Among Uniontown author Kathryn Long’s previous books are the comic Lilly M. mystery series about a sort-of clairvoyant woman who lives with her meddling extended family in a town that very closely resembles Barberton. Long’s new novel Dying to Dream carries over the psychic theme into darker intrigues with a deep southern flair.

The main character is Marin Seurat, who’s relocated to Quebec but has been fetched home to Louisiana by her cousin, Charlene. There’s a curse on their family and a possible hidden treasure that Marin may be able to find by watchful attention to her dreams and the occasional visits of ghosts. A more immediate issue is the apparent suicide of Marin’s former flame’s father, who was despondent after his fishing business was destroyed by the Gulf oil spill. Was it really murder, and can Marin and Trent recapture their romance?

The cousins’ wily, interfering Tante Louise, who practices voodoo and usually is mixing up a gris-gris, and a stranger who’s competing with Trent for Marin’s attentions work into the plot. The narrative is sprinkled with French Creole expressions.

Barbara MacIntyre -- Akron Beacon Journal Life Section 7/14/13

Lilly Has Her Day in the News ...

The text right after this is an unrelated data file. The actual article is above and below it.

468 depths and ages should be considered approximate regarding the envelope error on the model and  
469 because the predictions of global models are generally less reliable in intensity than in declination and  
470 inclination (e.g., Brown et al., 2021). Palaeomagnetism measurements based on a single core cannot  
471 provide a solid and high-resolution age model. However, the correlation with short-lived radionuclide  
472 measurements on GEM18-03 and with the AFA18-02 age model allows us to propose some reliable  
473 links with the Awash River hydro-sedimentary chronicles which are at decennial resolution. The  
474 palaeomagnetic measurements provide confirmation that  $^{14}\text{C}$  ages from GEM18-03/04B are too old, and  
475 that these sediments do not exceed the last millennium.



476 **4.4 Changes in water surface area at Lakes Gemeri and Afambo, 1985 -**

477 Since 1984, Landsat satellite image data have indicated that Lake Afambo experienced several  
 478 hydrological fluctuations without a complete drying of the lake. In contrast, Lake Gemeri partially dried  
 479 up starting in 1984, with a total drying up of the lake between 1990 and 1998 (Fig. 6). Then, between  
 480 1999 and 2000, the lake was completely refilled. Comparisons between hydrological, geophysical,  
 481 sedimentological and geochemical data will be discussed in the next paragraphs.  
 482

Review: Green author mixes comedy into mystery

Published: August 14, 2011 - 01:54 AM

Whips, Cuff and Little Brown Boxes, A Lilly M. Mystery by Kathryn Long.

Review: Green author mixes comedy into mysteryAugust 14,2011 05:54 AM GMTBeacon Journal Publishing Co.

The provocative title and red stiletto shoes on the cover of Green author Kathryn Long’s comic mystery Whips, Cuffs and Little Brown Boxes make it appear to be an erotic novel, but it’s comparatively wholesome.

Lilly Millenovanovich (her name surely is a tribute to Janet Evanovich, author of the mystery series featuring dizzy bounty hunter Stephanie Plum) is a novelist with three surrogate mothers and a huge extended family, none of whom can get through a day without calling, visiting, needing a favor or asking when she’s getting married. Lilly is a little bit clairvoyant, but her readings happen sporadically and are not all that accurate, so her gift is like that broken clock that’s right twice a day.

Irene, Lilly’s primary “Mom,” calls to tell her that her secondary mom, Aunt Fran, is missing. Lilly’s secret boyfriend, policeman Kline, is on the job, but it goes without saying that Lilly will be doing some snooping, when she has time between spying on Cousin Paulie for Aunt Sadie and dodging the neighbor who thinks he’s Davy Crockett, posted on his balcony with his musket.

There’s plenty more going on in this frenetic plot — a mystery Harley rider, a series of robberies, a beautiful assassin … the whips and cuffs of the title don’t appear for quite a while, but the language makes the book a PG-13. The town of Barton must represent Long’s hometown of Barberton, down to the lake in the center of town.

Whips, Cuffs and Little Brown Boxes (339 pages, softcover) costs $12.50 from online retailers, and also is available as an e-book. Kathryn Long holds bachelor’s degrees in French and education from the University of Akron.